Houses in Dublin
By Glenda Stone
Dublin is home to many beautiful and historical houses, many of which have stood for the greater part of a century. A large number of these residences have been restored over the years and appear in the same form as the day they were built.
One of the most beautiful old houses remaining in Dublin is the John G. Harris Home, which was built in 1887. Mr. Harris was the founder and first president of the Dublin National Bank. He built this majestic residence for the reported amount of $6000, a large sum of money in the 1880s. Compared to the standards of today, this seems to be a paltry amount given the splendor of this house. The three-story house contains six bedrooms, seven fireplaces, stained glass windows, and is furnished with primarily oak woodworks on the interior. It sits on an 18-acre plot of land on West Clinton Street in town [Stephenville Empire Tribune 8/16/1980].
The D.L. Harris House is another historic home that was built in the 1880s. This residence boasts huge rooms, ornate fireplaces, and beautiful woodworks. Another outstanding feature is the wrap around porch that encircles the house. This house is located on North Patrick Street [Stephenville Empire Tribune 7/8/1971].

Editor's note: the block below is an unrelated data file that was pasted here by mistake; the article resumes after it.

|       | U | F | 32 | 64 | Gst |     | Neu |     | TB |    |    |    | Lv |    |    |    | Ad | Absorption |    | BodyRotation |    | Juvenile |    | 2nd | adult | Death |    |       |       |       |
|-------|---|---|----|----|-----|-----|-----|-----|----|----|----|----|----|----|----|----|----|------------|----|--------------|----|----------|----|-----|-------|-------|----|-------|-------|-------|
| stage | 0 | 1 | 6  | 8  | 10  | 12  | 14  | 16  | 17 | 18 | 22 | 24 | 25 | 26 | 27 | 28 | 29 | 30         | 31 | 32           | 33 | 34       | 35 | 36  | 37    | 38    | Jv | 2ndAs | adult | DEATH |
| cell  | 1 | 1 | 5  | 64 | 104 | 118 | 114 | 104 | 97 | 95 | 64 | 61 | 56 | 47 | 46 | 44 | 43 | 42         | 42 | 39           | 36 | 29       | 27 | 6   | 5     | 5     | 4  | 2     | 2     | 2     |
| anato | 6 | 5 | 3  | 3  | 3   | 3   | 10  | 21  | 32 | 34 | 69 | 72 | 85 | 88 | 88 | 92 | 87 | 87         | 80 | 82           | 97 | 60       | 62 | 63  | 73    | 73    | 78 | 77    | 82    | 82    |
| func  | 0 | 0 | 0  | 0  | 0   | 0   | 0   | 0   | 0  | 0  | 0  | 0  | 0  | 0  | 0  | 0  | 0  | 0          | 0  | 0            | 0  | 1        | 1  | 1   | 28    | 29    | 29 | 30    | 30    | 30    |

The residence of Dr. R.A. Miller is yet another historic house in Dublin. He built this house in 1886; two years after the first roads were established in town. His house was conveniently located next door to the hospital in which he worked. An indoor swimming pool was found on the premises, as well as a stone storage building that was used to keep food products cool. The Lee White family of Dublin has also owned the house. White was an executive of the Woldert Peanut Products Company, a major industry in the town. Under their ownership, many portions of the house were renovated [Fort Worth Star Telegram 9/27/1967].
The Dr. Herndon Home/Patrick Street Inn is still another Dublin landmark. The Herndon family moved to Dublin in 1890 and built their residence at 512 North Patrick Street. It is said that the family owned the first organ and piano in the area, and that people often traveled from miles away to hear these instruments played. The house remained occupied by Herndon descendents for most of the century. This tradition was resumed when Bill and Linda Zachary, distant relatives of the Herndon family, purchased the house in 1987 and converted it into a bed-and-breakfast establishment [The Dublin Citizen 1/21/1995].